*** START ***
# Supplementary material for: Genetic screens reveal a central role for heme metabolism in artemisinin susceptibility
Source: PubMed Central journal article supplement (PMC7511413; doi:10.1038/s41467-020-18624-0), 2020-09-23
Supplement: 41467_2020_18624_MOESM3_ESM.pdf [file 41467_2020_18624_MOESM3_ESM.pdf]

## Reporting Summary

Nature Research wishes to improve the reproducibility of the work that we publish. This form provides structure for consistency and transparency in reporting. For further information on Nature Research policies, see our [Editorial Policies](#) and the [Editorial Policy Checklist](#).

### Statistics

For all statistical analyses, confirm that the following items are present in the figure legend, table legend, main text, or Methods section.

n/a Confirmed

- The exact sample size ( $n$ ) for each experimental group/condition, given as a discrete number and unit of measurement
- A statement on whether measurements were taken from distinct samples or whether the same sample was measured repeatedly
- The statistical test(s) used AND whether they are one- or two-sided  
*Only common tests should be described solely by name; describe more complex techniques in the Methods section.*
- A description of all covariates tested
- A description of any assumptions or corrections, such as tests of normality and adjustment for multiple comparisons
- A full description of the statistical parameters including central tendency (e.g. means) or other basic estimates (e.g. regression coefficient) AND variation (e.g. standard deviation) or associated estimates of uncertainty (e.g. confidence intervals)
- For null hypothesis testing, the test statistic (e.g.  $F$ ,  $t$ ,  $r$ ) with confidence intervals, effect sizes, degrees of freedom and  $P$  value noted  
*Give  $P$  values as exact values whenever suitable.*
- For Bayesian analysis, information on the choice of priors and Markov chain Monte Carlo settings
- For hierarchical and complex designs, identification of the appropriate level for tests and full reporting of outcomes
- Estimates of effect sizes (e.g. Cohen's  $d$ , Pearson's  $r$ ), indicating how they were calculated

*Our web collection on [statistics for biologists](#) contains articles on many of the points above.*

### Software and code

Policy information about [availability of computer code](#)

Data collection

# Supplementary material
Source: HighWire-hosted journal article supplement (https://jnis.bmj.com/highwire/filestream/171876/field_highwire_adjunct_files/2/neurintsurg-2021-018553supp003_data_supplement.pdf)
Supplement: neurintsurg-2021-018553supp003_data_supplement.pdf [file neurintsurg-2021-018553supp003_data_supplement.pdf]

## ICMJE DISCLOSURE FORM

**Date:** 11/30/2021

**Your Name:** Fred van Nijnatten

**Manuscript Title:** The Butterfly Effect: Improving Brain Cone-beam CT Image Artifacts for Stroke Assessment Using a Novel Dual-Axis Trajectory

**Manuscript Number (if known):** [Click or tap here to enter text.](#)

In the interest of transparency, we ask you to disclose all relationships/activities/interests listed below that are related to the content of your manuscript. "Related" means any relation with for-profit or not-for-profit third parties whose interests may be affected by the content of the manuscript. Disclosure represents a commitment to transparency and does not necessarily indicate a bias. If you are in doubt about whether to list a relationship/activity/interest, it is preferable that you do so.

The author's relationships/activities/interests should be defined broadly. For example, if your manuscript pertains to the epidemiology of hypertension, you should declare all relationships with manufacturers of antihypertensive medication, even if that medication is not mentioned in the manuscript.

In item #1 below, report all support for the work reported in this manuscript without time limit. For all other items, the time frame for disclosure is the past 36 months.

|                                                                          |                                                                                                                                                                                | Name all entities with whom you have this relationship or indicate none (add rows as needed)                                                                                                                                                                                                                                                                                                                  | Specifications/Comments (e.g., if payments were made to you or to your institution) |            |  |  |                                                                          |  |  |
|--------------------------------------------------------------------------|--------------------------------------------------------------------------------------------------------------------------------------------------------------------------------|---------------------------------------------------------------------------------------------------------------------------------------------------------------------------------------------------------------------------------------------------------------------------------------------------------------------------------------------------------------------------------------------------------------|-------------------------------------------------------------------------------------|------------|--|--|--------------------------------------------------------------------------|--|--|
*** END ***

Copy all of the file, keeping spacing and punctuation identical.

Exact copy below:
# Supplementary material for: Genetic screens reveal a central role for heme metabolism in artemisinin susceptibility
Source: PubMed Central journal article supplement (PMC7511413; doi:10.1038/s41467-020-18624-0), 2020-09-23
Supplement: 41467_2020_18624_MOESM3_ESM.pdf [file 41467_2020_18624_MOESM3_ESM.pdf]

## Reporting Summary

Nature Research wishes to improve the reproducibility of the work that we publish. This form provides structure for consistency and transparency in reporting. For further information on Nature Research policies, see our [Editorial Policies](#) and the [Editorial Policy Checklist](#).

### Statistics

For all statistical analyses, confirm that the following items are present in the figure legend, table legend, main text, or Methods section.

n/a Confirmed

- The exact sample size ( $n$ ) for each experimental group/condition, given as a discrete number and unit of measurement
- A statement on whether measurements were taken from distinct samples or whether the same sample was measured repeatedly
- The statistical test(s) used AND whether they are one- or two-sided  
*Only common tests should be described solely by name; describe more complex techniques in the Methods section.*
- A description of all covariates tested
- A description of any assumptions or corrections, such as tests of normality and adjustment for multiple comparisons
- A full description of the statistical parameters including central tendency (e.g. means) or other basic estimates (e.g. regression coefficient) AND variation (e.g. standard deviation) or associated estimates of uncertainty (e.g. confidence intervals)
- For null hypothesis testing, the test statistic (e.g.  $F$ ,  $t$ ,  $r$ ) with confidence intervals, effect sizes, degrees of freedom and  $P$  value noted  
*Give  $P$  values as exact values whenever suitable.*
- For Bayesian analysis, information on the choice of priors and Markov chain Monte Carlo settings
- For hierarchical and complex designs, identification of the appropriate level for tests and full reporting of outcomes
- Estimates of effect sizes (e.g. Cohen's  $d$ , Pearson's  $r$ ), indicating how they were calculated

*Our web collection on [statistics for biologists](#) contains articles on many of the points above.*

### Software and code

Policy information about [availability of computer code](#)

Data collection

# Supplementary material
Source: HighWire-hosted journal article supplement (https://jnis.bmj.com/highwire/filestream/171876/field_highwire_adjunct_files/2/neurintsurg-2021-018553supp003_data_supplement.pdf)
Supplement: neurintsurg-2021-018553supp003_data_supplement.pdf [file neurintsurg-2021-018553supp003_data_supplement.pdf]

## ICMJE DISCLOSURE FORM

**Date:** 11/30/2021

**Your Name:** Fred van Nijnatten

**Manuscript Title:** The Butterfly Effect: Improving Brain Cone-beam CT Image Artifacts for Stroke Assessment Using a Novel Dual-Axis Trajectory

**Manuscript Number (if known):** [Click or tap here to enter text.](#)

In the interest of transparency, we ask you to disclose all relationships/activities/interests listed below that are related to the content of your manuscript. "Related" means any relation with for-profit or not-for-profit third parties whose interests may be affected by the content of the manuscript. Disclosure represents a commitment to transparency and does not necessarily indicate a bias. If you are in doubt about whether to list a relationship/activity/interest, it is preferable that you do so.

The author's relationships/activities/interests should be defined broadly. For example, if your manuscript pertains to the epidemiology of hypertension, you should declare all relationships with manufacturers of antihypertensive medication, even if that medication is not mentioned in the manuscript.

In item #1 below, report all support for the work reported in this manuscript without time limit. For all other items, the time frame for disclosure is the past 36 months.

|                                                                          |                                                                                                                                                                                | Name all entities with whom you have this relationship or indicate none (add rows as needed)                                                                                                                                                                                                                                                                                                                  | Specifications/Comments (e.g., if payments were made to you or to your institution) |            |  |  |                                                                          |  |  |
|--------------------------------------------------------------------------|--------------------------------------------------------------------------------------------------------------------------------------------------------------------------------|---------------------------------------------------------------------------------------------------------------------------------------------------------------------------------------------------------------------------------------------------------------------------------------------------------------------------------------------------------------------------------------------------------------|-------------------------------------------------------------------------------------|------------|--|--|--------------------------------------------------------------------------|--|--|